Researchers have found that low levels of vitamin D are associated with lower lung function and increased medication use in children with asthma. The study published in the Journal of Allergy & Clinical Immunology also showed that vitamin D enhances the activity of corticosteroids.
Examining electronic medical records of 100 pediatric asthma patients, the researchers found that 47% of patients had vitamin D levels considered insufficient—below 30 µg/mL. Another 17% had levels below 20 µg/mL, which is considered deficient. These levels, however, were similar to vitamin D levels found in the general population.
Patients low in vitamin D had low FEV1 and lower FEV1/FVC. Use of inhaled steroids, oral steroids, and long-acting beta agonists were all higher in patients low in vitamin D. The study also found that patients low in vitamin D generally had higher levels of IgE, a marker of allergy, and responded positively to more allergens in a skin prick test.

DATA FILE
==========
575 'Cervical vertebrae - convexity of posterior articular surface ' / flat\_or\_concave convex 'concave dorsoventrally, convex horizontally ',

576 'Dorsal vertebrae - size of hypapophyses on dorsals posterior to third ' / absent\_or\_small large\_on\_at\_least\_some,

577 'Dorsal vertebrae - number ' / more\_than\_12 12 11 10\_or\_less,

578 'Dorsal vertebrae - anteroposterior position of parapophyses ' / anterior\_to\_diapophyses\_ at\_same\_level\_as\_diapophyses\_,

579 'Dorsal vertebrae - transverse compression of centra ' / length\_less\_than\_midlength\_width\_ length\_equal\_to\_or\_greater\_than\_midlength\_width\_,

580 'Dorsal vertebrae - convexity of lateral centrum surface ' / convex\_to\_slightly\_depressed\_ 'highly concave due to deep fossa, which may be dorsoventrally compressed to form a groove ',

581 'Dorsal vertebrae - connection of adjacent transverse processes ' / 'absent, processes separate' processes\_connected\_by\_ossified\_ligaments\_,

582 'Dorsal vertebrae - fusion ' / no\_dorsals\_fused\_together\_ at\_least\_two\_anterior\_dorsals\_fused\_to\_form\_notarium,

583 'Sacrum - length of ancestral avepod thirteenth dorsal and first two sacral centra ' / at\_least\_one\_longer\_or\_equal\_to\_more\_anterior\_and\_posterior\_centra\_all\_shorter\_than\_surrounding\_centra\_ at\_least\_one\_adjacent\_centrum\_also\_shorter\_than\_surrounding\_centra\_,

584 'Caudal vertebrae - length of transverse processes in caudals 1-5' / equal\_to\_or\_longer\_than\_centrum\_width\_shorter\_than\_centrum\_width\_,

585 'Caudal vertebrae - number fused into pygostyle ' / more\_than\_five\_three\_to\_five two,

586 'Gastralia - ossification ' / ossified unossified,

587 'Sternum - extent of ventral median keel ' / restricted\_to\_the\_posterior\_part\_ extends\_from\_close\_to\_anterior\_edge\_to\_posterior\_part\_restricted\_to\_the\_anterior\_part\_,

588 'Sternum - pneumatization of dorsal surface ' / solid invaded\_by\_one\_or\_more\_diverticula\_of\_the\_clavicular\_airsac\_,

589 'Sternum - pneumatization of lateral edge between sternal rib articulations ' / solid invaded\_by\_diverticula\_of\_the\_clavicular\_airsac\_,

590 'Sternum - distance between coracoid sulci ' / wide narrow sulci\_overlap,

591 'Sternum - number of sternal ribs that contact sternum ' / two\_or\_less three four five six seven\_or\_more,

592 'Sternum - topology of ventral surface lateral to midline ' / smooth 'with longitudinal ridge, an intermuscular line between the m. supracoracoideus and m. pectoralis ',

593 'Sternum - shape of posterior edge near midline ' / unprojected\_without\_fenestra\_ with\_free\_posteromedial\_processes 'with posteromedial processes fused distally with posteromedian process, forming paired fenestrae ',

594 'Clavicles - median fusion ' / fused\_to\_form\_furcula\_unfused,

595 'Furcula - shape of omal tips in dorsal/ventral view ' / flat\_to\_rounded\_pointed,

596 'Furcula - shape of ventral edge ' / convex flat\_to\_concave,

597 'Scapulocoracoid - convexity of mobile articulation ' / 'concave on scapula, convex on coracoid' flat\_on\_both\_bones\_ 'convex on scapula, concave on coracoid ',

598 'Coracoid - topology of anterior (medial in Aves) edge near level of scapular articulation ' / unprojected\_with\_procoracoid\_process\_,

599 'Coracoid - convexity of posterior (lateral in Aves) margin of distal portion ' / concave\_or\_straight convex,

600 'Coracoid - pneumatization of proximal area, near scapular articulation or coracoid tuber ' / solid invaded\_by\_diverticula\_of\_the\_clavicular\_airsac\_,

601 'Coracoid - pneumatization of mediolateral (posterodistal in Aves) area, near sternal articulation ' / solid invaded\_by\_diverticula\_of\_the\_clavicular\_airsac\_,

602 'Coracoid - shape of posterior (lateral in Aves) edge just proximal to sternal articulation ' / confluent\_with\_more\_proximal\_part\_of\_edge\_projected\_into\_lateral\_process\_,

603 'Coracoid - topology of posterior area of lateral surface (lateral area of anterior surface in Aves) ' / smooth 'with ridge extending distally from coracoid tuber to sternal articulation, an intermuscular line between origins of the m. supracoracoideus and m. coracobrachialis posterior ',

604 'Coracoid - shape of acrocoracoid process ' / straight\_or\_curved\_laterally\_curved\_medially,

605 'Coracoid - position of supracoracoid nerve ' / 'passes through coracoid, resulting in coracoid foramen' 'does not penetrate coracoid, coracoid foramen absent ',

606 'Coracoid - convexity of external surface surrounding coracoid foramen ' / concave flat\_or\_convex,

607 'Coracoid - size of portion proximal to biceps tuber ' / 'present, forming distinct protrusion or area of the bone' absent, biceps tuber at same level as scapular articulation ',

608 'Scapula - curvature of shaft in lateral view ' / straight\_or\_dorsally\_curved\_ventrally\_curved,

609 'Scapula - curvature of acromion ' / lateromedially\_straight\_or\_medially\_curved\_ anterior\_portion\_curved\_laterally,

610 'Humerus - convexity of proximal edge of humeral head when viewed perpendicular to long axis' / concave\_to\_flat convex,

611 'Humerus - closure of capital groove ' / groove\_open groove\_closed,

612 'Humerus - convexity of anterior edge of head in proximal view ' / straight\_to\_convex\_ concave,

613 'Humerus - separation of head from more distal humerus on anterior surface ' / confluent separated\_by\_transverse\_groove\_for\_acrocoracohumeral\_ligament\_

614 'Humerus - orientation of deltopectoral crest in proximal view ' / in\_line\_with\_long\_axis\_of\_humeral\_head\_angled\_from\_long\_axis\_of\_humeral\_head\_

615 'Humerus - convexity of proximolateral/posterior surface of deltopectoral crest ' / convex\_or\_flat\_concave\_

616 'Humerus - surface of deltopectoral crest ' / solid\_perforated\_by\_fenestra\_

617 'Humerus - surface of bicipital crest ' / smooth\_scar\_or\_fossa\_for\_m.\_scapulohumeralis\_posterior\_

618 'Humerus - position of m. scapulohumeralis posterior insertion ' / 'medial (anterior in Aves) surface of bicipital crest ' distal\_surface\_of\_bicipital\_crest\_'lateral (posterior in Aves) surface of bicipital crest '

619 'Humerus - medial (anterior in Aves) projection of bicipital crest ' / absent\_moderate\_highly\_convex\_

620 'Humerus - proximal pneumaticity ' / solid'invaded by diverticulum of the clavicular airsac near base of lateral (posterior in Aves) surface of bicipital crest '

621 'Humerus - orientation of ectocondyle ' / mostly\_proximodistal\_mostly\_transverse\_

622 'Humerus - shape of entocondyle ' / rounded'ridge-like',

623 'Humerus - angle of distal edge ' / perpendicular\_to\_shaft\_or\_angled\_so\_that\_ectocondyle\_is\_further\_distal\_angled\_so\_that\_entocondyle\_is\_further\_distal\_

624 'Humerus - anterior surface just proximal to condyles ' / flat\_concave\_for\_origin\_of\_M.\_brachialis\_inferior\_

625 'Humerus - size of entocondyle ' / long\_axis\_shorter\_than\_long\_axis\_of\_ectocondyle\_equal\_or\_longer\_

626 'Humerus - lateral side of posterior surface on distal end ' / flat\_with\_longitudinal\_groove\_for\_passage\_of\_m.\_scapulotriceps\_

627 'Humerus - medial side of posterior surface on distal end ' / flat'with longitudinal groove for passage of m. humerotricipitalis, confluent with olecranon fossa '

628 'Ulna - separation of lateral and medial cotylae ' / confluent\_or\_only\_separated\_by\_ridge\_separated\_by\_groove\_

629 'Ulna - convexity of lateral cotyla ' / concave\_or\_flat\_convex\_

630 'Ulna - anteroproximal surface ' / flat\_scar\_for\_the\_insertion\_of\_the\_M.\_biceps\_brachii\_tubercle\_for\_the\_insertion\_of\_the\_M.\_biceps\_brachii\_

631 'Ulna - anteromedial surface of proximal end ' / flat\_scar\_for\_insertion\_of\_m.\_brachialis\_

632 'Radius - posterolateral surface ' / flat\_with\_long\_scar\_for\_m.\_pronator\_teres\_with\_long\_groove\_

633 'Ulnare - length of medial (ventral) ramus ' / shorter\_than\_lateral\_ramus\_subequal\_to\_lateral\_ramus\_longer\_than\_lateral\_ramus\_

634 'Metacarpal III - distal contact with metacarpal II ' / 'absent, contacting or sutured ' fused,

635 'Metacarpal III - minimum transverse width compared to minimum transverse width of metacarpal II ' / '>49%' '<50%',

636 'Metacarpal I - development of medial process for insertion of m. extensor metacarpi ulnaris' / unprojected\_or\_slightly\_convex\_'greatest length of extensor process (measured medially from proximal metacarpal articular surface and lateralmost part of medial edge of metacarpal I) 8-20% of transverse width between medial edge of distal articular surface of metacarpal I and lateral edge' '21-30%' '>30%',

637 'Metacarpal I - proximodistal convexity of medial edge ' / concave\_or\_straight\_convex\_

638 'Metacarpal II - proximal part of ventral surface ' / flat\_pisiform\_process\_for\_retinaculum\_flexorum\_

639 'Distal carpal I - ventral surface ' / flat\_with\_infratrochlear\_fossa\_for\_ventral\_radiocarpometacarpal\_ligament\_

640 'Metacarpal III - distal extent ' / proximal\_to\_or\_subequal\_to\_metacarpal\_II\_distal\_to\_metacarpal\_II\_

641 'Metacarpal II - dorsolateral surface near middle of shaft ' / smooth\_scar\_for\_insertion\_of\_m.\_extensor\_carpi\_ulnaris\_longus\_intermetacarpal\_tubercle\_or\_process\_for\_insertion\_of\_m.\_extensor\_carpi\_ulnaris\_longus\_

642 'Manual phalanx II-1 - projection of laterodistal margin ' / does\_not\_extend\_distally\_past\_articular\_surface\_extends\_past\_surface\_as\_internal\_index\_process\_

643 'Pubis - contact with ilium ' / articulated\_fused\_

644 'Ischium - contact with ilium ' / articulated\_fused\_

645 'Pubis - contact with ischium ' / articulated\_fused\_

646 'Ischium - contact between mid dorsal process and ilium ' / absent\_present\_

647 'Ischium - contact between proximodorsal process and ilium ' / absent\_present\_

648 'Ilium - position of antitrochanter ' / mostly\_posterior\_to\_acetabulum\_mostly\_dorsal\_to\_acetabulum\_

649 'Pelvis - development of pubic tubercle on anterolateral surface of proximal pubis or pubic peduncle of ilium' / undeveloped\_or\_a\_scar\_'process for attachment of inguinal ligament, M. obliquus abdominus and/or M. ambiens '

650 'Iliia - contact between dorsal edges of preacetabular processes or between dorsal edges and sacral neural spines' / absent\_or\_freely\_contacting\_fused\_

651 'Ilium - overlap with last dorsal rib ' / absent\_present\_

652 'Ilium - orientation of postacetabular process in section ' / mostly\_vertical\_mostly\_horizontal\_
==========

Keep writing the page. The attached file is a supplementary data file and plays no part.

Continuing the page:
Additionally, researchers performed a series of laboratory experiments that indicated that vitamin D enhances the action of corticosteroids. After culturing some immune cells with the corticosteroid dexamethasone alone and others with vitamin D first, the researchers found that vitamin D significantly increased the effectiveness of dexamethasone.
The researchers also incubated immune-system cells for 72 hours with a staphylococcal toxin to induce corticosteroid resistance. Vitamin D restored the activity of dexamethasone.
“Our work suggests that vitamin D enhances the anti-inflammatory function of corticosteroids,” said Donald Leung, MD, PhD. “If future studies confirm these findings vitamin D may help asthma patients achieve better control of their respiratory symptoms with less medication.”